When launching The Hanging Wood recently, I answered a few questions about the thorny topic of libel and fiction. Of course, given that (for instance) I have written a book featuring a library influenced by a real life model, it’s something that occupies my thoughts. And even if I were not a lawyer, I think it’s a very good idea not to be cavalier about the law of libel. Because one of its nasty features is that it is possible to libel someone unintentionally.
The risks are perhaps greater in crime fiction than in other types of book. After all, almost by definition, a crime novel will include a number of dodgy characters. Even the innocent among the suspects are likely to be flawed characters. Having said that, I do think that in practice, writers need to get things into perspective and not be too paranoiac. Taking sensible precautions by not using names or descriptions that you know to be mirrored in real life is advisable. But it’s simply impossible to eliminate all potential resemblances and coincidences.
One tactic I use might seem contrary to the idea of precise research. You might call my method ‘related research’. In The Hanging Wood, for instance, which features a caravan park, I talked to someone who owns such a park – but based in Wales, not the Lake District. And St Herbert’s Library is also based on a Welsh, rather than Cumbrian model. There is plenty of action on a farm, but the farm I visited to research the book was in Lancashire, not Lakeland. I talked to a veteran police officer to get the police procedure (more or less!) right, but he’s someone who works in Lincolnshire, not in the same area as Hannah Scarlett and her team. The historian who helps me is a retired Oxford don, not someone who has ever moved away to live the dream, as Daniel Kind did. The idea, in short, is to capture the elements that will create an impression of realism without turning the book into a pseudo-documentary.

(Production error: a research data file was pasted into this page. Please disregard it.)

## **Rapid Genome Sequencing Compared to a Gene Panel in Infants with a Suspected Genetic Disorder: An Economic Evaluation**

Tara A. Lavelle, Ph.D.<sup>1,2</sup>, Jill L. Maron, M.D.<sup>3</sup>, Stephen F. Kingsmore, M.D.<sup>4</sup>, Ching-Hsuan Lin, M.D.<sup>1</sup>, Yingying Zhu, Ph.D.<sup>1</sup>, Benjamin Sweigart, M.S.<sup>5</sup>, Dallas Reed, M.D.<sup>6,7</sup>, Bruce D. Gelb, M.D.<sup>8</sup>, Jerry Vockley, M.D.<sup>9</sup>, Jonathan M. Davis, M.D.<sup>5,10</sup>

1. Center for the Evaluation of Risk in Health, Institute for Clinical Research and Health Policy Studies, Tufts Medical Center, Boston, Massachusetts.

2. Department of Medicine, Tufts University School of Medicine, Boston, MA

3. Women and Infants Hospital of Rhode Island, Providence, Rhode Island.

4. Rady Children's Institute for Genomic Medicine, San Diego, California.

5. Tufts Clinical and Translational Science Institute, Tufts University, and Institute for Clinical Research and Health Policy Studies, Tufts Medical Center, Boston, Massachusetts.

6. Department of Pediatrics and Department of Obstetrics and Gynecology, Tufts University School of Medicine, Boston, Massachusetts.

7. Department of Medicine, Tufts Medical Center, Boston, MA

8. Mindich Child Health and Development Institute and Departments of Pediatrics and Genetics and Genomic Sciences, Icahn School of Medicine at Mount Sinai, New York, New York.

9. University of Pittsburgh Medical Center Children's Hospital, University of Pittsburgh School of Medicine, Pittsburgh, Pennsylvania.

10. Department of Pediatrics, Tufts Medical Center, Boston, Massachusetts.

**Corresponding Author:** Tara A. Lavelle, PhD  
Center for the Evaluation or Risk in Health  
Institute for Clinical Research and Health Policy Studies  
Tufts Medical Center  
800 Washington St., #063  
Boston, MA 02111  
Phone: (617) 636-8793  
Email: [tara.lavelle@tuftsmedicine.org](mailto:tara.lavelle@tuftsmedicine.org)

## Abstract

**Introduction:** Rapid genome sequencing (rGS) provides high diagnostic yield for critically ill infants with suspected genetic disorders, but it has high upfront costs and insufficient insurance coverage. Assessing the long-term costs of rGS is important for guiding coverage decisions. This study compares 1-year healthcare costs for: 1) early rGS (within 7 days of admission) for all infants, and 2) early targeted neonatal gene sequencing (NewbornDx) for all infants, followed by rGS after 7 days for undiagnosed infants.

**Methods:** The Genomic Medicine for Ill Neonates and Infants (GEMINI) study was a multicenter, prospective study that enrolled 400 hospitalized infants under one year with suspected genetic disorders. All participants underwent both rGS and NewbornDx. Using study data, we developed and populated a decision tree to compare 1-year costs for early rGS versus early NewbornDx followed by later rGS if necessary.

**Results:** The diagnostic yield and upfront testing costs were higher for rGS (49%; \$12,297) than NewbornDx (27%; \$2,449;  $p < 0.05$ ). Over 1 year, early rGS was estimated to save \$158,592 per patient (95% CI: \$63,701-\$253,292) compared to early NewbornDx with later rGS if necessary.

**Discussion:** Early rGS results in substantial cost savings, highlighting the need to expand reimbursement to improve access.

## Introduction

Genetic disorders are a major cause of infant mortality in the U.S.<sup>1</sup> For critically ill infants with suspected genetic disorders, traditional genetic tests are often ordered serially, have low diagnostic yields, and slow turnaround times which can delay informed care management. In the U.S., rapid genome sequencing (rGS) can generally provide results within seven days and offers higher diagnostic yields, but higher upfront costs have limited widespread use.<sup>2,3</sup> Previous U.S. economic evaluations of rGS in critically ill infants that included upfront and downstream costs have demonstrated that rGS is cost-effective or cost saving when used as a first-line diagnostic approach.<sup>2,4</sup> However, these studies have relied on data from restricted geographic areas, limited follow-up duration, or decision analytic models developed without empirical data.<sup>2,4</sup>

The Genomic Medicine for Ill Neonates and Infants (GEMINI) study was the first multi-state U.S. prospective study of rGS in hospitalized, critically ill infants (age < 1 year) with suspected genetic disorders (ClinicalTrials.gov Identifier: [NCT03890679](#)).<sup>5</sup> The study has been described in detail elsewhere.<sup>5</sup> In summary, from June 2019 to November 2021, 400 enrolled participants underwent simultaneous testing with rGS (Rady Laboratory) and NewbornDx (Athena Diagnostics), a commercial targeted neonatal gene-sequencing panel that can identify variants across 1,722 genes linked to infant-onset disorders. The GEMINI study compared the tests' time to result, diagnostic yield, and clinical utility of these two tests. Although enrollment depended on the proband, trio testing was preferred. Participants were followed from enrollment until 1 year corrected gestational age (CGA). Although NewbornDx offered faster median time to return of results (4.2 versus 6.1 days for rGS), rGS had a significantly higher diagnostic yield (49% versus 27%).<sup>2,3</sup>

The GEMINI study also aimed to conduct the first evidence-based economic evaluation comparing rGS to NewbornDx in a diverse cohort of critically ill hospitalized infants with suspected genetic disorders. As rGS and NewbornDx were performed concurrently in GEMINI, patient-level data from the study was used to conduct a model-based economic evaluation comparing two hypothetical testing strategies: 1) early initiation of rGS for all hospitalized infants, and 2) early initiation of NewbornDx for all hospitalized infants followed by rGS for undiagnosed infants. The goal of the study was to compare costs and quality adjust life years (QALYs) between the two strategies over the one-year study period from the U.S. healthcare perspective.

I really would hate anyone to think that I’d depicted them, or their company, negatively in a novel. For me, fiction is in part about escaping from real life, not about using it to take pot shots at people (much though most of us writers may joke about so doing). I did take a very different approach with Dancing for the Hangman, which is the story of Dr Crippen’s life. But not only is poor old Crippen long in his grave, so are all the other characters. Just as well, really.